However, the fact that international students pay tuition fees for English-language medical courses is also reflected in the framework conditions: the students benefit from close-knit and individual support, from the most modern equipment and therefore optimal opportunities to develop and gain a lot of practical experience. The high tuition fees can be compensated, at least in part, by the significantly lower cost of living compared to Germany.
If you want to study human medicine in the Czech Republic, you have to think about the financing in advance. Good news: Anyone studying within the EU can apply for BAföG abroad for their entire study abroad. There is even a subsidy for the tuition fees for the first year of study, but only up to a maximum of EUR 4,600.
Another possibility for (partial) financing of the studies would be a scholarship, for example through a foundation. Taking out an education or student loan can also be considered.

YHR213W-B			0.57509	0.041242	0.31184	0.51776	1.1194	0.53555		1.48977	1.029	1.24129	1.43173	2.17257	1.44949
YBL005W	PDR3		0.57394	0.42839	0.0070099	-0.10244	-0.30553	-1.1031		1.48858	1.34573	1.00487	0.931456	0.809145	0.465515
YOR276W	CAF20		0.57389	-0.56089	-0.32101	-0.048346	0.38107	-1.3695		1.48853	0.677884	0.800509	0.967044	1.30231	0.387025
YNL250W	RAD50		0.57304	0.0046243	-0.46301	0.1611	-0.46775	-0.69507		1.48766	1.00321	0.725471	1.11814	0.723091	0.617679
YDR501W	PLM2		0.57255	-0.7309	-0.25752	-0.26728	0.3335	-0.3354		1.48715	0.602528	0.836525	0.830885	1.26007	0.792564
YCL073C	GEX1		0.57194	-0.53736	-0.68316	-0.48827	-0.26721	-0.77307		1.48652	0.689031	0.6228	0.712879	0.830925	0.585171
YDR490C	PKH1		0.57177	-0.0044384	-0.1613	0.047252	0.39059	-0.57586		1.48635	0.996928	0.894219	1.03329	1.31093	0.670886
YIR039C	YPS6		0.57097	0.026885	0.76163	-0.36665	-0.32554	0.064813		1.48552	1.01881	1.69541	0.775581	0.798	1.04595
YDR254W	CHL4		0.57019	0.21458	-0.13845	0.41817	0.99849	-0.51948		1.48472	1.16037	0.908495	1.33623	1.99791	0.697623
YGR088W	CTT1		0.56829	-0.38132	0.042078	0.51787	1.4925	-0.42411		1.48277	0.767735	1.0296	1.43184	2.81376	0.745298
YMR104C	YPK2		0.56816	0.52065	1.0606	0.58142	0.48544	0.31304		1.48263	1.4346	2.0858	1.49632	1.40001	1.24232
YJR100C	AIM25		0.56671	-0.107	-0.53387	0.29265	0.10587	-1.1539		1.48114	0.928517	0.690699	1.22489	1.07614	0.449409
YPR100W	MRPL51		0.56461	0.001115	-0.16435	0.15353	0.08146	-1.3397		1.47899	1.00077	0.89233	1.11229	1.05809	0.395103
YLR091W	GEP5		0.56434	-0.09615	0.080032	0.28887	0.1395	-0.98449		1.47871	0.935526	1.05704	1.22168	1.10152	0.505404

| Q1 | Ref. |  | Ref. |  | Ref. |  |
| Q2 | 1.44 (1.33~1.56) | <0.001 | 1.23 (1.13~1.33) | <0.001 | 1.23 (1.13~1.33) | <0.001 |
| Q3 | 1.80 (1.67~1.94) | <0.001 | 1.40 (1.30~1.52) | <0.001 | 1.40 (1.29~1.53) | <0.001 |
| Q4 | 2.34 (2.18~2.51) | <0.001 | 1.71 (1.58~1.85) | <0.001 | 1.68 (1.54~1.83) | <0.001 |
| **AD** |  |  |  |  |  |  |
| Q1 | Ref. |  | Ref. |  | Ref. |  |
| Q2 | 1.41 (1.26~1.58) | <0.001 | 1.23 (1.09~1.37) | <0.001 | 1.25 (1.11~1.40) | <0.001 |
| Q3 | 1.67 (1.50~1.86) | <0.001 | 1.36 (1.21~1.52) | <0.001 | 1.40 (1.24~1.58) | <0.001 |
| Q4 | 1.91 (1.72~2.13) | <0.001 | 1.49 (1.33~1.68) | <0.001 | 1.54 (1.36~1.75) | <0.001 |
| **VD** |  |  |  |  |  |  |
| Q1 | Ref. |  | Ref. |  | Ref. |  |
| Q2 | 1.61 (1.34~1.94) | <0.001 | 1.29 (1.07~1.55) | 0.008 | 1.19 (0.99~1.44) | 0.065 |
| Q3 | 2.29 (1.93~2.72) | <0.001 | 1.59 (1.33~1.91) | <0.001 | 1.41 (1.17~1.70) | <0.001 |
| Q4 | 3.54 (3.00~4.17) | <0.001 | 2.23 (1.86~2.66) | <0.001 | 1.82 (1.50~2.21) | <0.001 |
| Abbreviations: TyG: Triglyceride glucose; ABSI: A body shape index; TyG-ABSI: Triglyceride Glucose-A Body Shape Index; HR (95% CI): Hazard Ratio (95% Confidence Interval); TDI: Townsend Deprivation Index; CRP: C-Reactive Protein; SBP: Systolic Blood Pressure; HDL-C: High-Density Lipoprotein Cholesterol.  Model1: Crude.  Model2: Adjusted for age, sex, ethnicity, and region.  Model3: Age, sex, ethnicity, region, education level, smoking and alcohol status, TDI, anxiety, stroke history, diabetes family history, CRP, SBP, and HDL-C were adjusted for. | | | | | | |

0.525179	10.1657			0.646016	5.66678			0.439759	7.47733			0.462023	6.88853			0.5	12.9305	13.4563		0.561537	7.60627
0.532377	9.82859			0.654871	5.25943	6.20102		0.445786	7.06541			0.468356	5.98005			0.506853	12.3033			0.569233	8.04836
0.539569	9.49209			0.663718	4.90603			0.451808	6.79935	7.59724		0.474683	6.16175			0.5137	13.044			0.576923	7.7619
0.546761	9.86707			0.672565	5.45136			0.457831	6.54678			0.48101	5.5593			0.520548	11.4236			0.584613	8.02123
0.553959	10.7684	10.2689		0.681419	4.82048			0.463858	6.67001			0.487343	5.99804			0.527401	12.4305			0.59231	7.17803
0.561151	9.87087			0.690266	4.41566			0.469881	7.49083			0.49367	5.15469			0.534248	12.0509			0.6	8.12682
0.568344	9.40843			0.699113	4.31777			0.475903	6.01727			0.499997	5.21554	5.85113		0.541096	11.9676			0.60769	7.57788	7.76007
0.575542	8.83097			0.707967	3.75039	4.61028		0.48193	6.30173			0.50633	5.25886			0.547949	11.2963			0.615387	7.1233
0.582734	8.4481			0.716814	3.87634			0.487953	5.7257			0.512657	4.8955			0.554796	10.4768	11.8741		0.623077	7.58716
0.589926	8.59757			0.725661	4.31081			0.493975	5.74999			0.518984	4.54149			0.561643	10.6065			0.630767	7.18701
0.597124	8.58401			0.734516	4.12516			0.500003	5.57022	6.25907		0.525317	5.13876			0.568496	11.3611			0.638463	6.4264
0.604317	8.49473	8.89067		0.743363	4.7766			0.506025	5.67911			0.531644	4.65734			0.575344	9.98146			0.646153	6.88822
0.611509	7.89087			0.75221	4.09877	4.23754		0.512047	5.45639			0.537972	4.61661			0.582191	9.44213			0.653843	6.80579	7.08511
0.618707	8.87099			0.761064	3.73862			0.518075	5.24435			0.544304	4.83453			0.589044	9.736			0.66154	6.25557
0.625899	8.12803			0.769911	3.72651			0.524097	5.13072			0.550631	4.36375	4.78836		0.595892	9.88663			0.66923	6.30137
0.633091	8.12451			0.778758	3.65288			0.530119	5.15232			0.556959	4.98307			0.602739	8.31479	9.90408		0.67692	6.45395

After studying in the Czech Republic: recognition in Germany
The courses in human medicine in the Czech Republic meet the requirements of the European Professional Recognition Directive and are therefore automatically recognized in Germany without an extensive equivalency test. Anyone who has successfully completed a medical degree at a recognized university in the Czech Republic can apply for a medical license in Germany.
Recognition of a degree in human medicine completed entirely in the Czech Republic in Germany is therefore problem-free and uncomplicated due to the principle of equal treatment. Because the content of the training is regulated across the EU. The recognition is done via the state examination office of the state in which it has its principal place of residence.